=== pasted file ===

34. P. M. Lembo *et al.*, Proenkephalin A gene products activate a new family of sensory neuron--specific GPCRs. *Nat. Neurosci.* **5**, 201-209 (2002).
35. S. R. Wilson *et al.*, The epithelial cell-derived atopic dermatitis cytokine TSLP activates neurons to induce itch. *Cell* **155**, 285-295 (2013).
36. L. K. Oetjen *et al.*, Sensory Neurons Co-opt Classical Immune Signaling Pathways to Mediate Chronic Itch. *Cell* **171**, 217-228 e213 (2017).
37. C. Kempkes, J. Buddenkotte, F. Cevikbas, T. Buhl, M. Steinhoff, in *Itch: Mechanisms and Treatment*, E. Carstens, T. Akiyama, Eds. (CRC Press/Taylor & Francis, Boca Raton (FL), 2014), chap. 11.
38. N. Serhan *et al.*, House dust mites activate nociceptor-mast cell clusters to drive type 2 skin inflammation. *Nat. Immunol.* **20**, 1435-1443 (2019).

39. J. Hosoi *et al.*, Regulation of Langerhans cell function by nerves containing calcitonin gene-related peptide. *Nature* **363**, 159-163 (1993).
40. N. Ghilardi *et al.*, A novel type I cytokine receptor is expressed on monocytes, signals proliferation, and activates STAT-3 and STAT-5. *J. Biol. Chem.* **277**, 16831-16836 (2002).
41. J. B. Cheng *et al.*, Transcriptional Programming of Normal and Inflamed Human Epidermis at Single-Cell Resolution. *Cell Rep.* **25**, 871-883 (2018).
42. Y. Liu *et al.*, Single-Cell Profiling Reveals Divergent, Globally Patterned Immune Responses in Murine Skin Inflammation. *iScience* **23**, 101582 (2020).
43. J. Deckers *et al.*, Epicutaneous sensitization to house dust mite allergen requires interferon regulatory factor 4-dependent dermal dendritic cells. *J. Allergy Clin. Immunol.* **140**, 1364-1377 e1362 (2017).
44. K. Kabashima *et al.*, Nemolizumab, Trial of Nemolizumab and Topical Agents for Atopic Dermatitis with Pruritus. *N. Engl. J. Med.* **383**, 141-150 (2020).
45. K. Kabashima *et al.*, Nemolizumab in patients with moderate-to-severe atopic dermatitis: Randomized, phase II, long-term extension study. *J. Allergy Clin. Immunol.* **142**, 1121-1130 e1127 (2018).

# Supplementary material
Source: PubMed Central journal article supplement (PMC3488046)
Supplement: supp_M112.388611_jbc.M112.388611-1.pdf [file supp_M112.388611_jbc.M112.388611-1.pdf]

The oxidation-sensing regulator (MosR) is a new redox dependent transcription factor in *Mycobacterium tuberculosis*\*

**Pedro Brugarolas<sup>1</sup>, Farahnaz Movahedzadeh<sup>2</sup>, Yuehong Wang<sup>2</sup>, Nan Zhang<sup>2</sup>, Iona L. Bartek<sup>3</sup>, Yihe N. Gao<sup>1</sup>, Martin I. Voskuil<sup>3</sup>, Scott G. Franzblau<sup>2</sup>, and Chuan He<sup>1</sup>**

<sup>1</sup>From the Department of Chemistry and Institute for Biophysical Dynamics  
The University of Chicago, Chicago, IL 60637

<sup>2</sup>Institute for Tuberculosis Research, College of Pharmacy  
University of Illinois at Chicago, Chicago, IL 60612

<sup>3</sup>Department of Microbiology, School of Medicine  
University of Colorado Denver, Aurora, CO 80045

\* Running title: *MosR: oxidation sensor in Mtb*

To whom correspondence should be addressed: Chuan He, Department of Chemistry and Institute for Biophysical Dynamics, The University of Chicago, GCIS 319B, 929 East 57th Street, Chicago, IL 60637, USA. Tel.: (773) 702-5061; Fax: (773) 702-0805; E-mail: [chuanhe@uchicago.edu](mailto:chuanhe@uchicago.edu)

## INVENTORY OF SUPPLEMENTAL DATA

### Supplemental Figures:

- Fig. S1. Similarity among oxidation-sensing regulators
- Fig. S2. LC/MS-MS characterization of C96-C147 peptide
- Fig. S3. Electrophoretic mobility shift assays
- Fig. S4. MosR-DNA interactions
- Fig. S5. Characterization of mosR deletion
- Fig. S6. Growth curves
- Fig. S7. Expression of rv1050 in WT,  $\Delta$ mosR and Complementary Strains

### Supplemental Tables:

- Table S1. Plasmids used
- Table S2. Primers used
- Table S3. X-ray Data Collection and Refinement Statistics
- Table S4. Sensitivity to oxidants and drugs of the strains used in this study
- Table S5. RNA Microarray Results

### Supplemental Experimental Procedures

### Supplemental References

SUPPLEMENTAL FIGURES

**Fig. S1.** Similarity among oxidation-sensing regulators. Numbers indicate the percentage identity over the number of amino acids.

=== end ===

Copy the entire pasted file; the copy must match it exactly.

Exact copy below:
34. P. M. Lembo *et al.*, Proenkephalin A gene products activate a new family of sensory neuron--specific GPCRs. *Nat. Neurosci.* **5**, 201-209 (2002).
35. S. R. Wilson *et al.*, The epithelial cell-derived atopic dermatitis cytokine TSLP activates neurons to induce itch. *Cell* **155**, 285-295 (2013).
36. L. K. Oetjen *et al.*, Sensory Neurons Co-opt Classical Immune Signaling Pathways to Mediate Chronic Itch. *Cell* **171**, 217-228 e213 (2017).
37. C. Kempkes, J. Buddenkotte, F. Cevikbas, T. Buhl, M. Steinhoff, in *Itch: Mechanisms and Treatment*, E. Carstens, T. Akiyama, Eds. (CRC Press/Taylor & Francis, Boca Raton (FL), 2014), chap. 11.
38. N. Serhan *et al.*, House dust mites activate nociceptor-mast cell clusters to drive type 2 skin inflammation. *Nat. Immunol.* **20**, 1435-1443 (2019).

39. J. Hosoi *et al.*, Regulation of Langerhans cell function by nerves containing calcitonin gene-related peptide. *Nature* **363**, 159-163 (1993).
40. N. Ghilardi *et al.*, A novel type I cytokine receptor is expressed on monocytes, signals proliferation, and activates STAT-3 and STAT-5. *J. Biol. Chem.* **277**, 16831-16836 (2002).
41. J. B. Cheng *et al.*, Transcriptional Programming of Normal and Inflamed Human Epidermis at Single-Cell Resolution. *Cell Rep.* **25**, 871-883 (2018).
42. Y. Liu *et al.*, Single-Cell Profiling Reveals Divergent, Globally Patterned Immune Responses in Murine Skin Inflammation. *iScience* **23**, 101582 (2020).
43. J. Deckers *et al.*, Epicutaneous sensitization to house dust mite allergen requires interferon regulatory factor 4-dependent dermal dendritic cells. *J. Allergy Clin. Immunol.* **140**, 1364-1377 e1362 (2017).
44. K. Kabashima *et al.*, Nemolizumab, Trial of Nemolizumab and Topical Agents for Atopic Dermatitis with Pruritus. *N. Engl. J. Med.* **383**, 141-150 (2020).
45. K. Kabashima *et al.*, Nemolizumab in patients with moderate-to-severe atopic dermatitis: Randomized, phase II, long-term extension study. *J. Allergy Clin. Immunol.* **142**, 1121-1130 e1127 (2018).

# Supplementary material
Source: PubMed Central journal article supplement (PMC3488046)
Supplement: supp_M112.388611_jbc.M112.388611-1.pdf [file supp_M112.388611_jbc.M112.388611-1.pdf]

The oxidation-sensing regulator (MosR) is a new redox dependent transcription factor in *Mycobacterium tuberculosis*\*

**Pedro Brugarolas<sup>1</sup>, Farahnaz Movahedzadeh<sup>2</sup>, Yuehong Wang<sup>2</sup>, Nan Zhang<sup>2</sup>, Iona L. Bartek<sup>3</sup>, Yihe N. Gao<sup>1</sup>, Martin I. Voskuil<sup>3</sup>, Scott G. Franzblau<sup>2</sup>, and Chuan He<sup>1</sup>**

<sup>1</sup>From the Department of Chemistry and Institute for Biophysical Dynamics  
The University of Chicago, Chicago, IL 60637

<sup>2</sup>Institute for Tuberculosis Research, College of Pharmacy  
University of Illinois at Chicago, Chicago, IL 60612

<sup>3</sup>Department of Microbiology, School of Medicine  
University of Colorado Denver, Aurora, CO 80045

\* Running title: *MosR: oxidation sensor in Mtb*

To whom correspondence should be addressed: Chuan He, Department of Chemistry and Institute for Biophysical Dynamics, The University of Chicago, GCIS 319B, 929 East 57th Street, Chicago, IL 60637, USA. Tel.: (773) 702-5061; Fax: (773) 702-0805; E-mail: [chuanhe@uchicago.edu](mailto:chuanhe@uchicago.edu)

## INVENTORY OF SUPPLEMENTAL DATA

### Supplemental Figures:

- Fig. S1. Similarity among oxidation-sensing regulators
- Fig. S2. LC/MS-MS characterization of C96-C147 peptide
- Fig. S3. Electrophoretic mobility shift assays
- Fig. S4. MosR-DNA interactions
- Fig. S5. Characterization of mosR deletion
- Fig. S6. Growth curves
- Fig. S7. Expression of rv1050 in WT,  $\Delta$ mosR and Complementary Strains

### Supplemental Tables:

- Table S1. Plasmids used
- Table S2. Primers used
- Table S3. X-ray Data Collection and Refinement Statistics
- Table S4. Sensitivity to oxidants and drugs of the strains used in this study
- Table S5. RNA Microarray Results

### Supplemental Experimental Procedures

### Supplemental References

SUPPLEMENTAL FIGURES

**Fig. S1.** Similarity among oxidation-sensing regulators. Numbers indicate the percentage identity over the number of amino acids.